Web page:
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There is No Such Thing as "Just One" Cigarette

Will One Cigarette Cause a Smoking Relapse?


Updated July 29, 2014

There is No Such Thing as
Sami Sarkis/Photographer's Choice RF/Getty Images

When we quit smoking, most of us go through a fair amount of junkie thinking - the internal battle between nicotine addiction and ourselves. And, early on in smoking cessation, that dialog can seem relentless. It's persistent, annoying and exhausting. It is however, temporary.  The less attention you give to unhealthy thoughts of smoking, the better. But how?

Don't Give Junkie Thoughts Power

It's important for you to realize ahead of time that the mental contortions you're going to experience are a normal part of the recovery process. Time will lessen the pull of these thoughts that trigger cravings to smoke, but in the meantime, use distraction to jolt yourself out of them as they come up.

Create a list of things you can do at a moment's notice for these occasions so that you're not left struggling when the time comes.  Be proactive and know that with each smoking urge you overcome, your brains is registering new ways of coping. In time, coping will be easier, and with more time, cravings will be gone.

Some Days Will Be Harder Than Others

Such is smoking cessation, and such is life. On those days when simple distractions don't work and you're feeling agitated and unhappy, turn to another list you can have ready for bad days called:

Ways to Pamper Myself

Most of us tend to neglect our own comfort in favor of our loved ones.  We put them first on the list, and while this is admirable, it is important to take care of our own needs, especially during smoking cessation.

So, create a pamper list for yourself.  Put things on it that you know will make you feel good and might rejuvenate your body and mind after a hard day.  Things like:

  • An afternoon at the movies.
  • A pedicure and/or a manicure.
  • Taking a long walk in nature with the dog.
  • Giving yourself an hour to soak in a long hot bath.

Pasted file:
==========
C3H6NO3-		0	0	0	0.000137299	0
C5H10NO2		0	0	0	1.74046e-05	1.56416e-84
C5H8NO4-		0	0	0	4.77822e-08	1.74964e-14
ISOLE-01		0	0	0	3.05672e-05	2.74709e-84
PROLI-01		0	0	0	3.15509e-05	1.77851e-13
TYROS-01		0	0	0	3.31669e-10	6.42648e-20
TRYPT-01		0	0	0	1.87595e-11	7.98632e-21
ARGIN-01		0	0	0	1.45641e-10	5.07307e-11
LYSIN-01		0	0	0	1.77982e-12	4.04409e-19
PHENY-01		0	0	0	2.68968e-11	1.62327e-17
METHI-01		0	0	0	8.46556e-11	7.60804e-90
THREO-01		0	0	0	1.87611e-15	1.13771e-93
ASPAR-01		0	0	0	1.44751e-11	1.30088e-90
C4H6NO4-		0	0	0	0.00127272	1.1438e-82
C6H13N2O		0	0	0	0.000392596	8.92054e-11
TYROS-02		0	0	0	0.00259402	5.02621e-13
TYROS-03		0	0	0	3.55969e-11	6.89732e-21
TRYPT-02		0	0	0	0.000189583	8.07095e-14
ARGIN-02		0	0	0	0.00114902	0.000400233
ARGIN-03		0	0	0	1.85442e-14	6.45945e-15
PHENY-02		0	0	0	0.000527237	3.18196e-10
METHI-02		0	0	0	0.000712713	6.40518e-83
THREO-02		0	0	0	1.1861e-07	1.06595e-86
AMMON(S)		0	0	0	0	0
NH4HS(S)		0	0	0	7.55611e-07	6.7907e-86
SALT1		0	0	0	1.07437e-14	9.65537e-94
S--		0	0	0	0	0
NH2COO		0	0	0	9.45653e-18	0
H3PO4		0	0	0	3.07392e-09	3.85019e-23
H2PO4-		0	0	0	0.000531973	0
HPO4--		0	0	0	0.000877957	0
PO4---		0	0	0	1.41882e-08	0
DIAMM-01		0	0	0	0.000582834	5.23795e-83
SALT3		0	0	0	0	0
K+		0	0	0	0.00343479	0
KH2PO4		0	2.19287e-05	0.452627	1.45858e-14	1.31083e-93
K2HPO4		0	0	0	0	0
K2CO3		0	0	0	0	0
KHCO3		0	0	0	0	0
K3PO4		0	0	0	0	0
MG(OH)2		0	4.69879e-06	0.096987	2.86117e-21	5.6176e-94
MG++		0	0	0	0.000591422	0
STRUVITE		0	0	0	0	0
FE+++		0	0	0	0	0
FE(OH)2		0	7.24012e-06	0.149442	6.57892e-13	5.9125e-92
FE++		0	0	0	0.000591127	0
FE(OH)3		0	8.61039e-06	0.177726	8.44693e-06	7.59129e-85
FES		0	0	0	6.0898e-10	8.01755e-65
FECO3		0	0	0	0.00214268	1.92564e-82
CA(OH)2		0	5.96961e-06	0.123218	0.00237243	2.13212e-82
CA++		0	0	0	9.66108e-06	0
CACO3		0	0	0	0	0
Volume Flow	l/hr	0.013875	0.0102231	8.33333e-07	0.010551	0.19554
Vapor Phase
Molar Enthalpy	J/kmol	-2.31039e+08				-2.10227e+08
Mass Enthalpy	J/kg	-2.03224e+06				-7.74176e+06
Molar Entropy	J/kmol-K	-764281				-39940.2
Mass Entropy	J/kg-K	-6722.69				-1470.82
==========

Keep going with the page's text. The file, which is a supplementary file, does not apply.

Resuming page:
• Relaxing with a good book.
  • Heading to the gym for a workout and a swim.
  • Taking a power nap.
  • Splurging on a hot fudge sundae with all the fixings.

Whatever the treat, make it self-indulgent and guilt-free. You're working hard to free yourself from a tough addiction, and a little positive reinforcement goes a long way. If all else fails, put your mind on ignore and go to bed earlier than usual. Tomorrow will be a better day.

There is No Such Thing as Just One Cigarette

As ex-smokers are fond of saying, cigarettes travel in packs.   Research shows that upwards of 90% of ex-smokers who smoke one cigarette after quitting can't stop there and end up in a full-blown smoking relapse.

The only way to keep the beast at bay is to keep nicotine out of your system. If you decide to go ahead and smoke just one, chances are you'll be back to smoking as much as you used to again soon.

There is No Such Thing as Just One Cigarette.

If you absolutely cannot get thoughts of smoking out of your mind and you fear you're about to cave in and smoke, stop everything.  Sit down with  pen and paper and honestly answer the questions below.

  • How did I feel about smoking just before I quit?
  • How many years did I smoke...and how long did I spend wishing I didn't?
  • How long has it been since I quit smoking, and how long should I expect it to take to heal from the years of nicotine addiction?
  • Will I feel good about it if I go back to smoking?   Will I wish I hadn't lit up?
  • How long will it be before I quit again? Weeks...months...years? When illness strikes?
  • Will it be any easier the next time around?
  • What benefits will smoking offer me that I can't find smoke-free replacements for?
  • Is smoking now worth giving up all of the work I've invested in cessation?

These are the questions you must seriously consider when the urge to smoke seems so important that you're ready to throw everything you've worked for away and give in.  

The truth of the matter is that smoking offers you nothing of value, and that empty feeling you have that smoking used to fill will go away in time...as long as you don't smoke.

Keep your memory green and don't lose sight of the reasons you quit smoking. They are no less true today than they were when you quit, but if you're not careful, they can feel less critical.

Be patient with yourself and allow the healing process to take place, regardless of how long it takes. Nurture and protect your quit program because it's the path to a healthier and happier life that you deserve.

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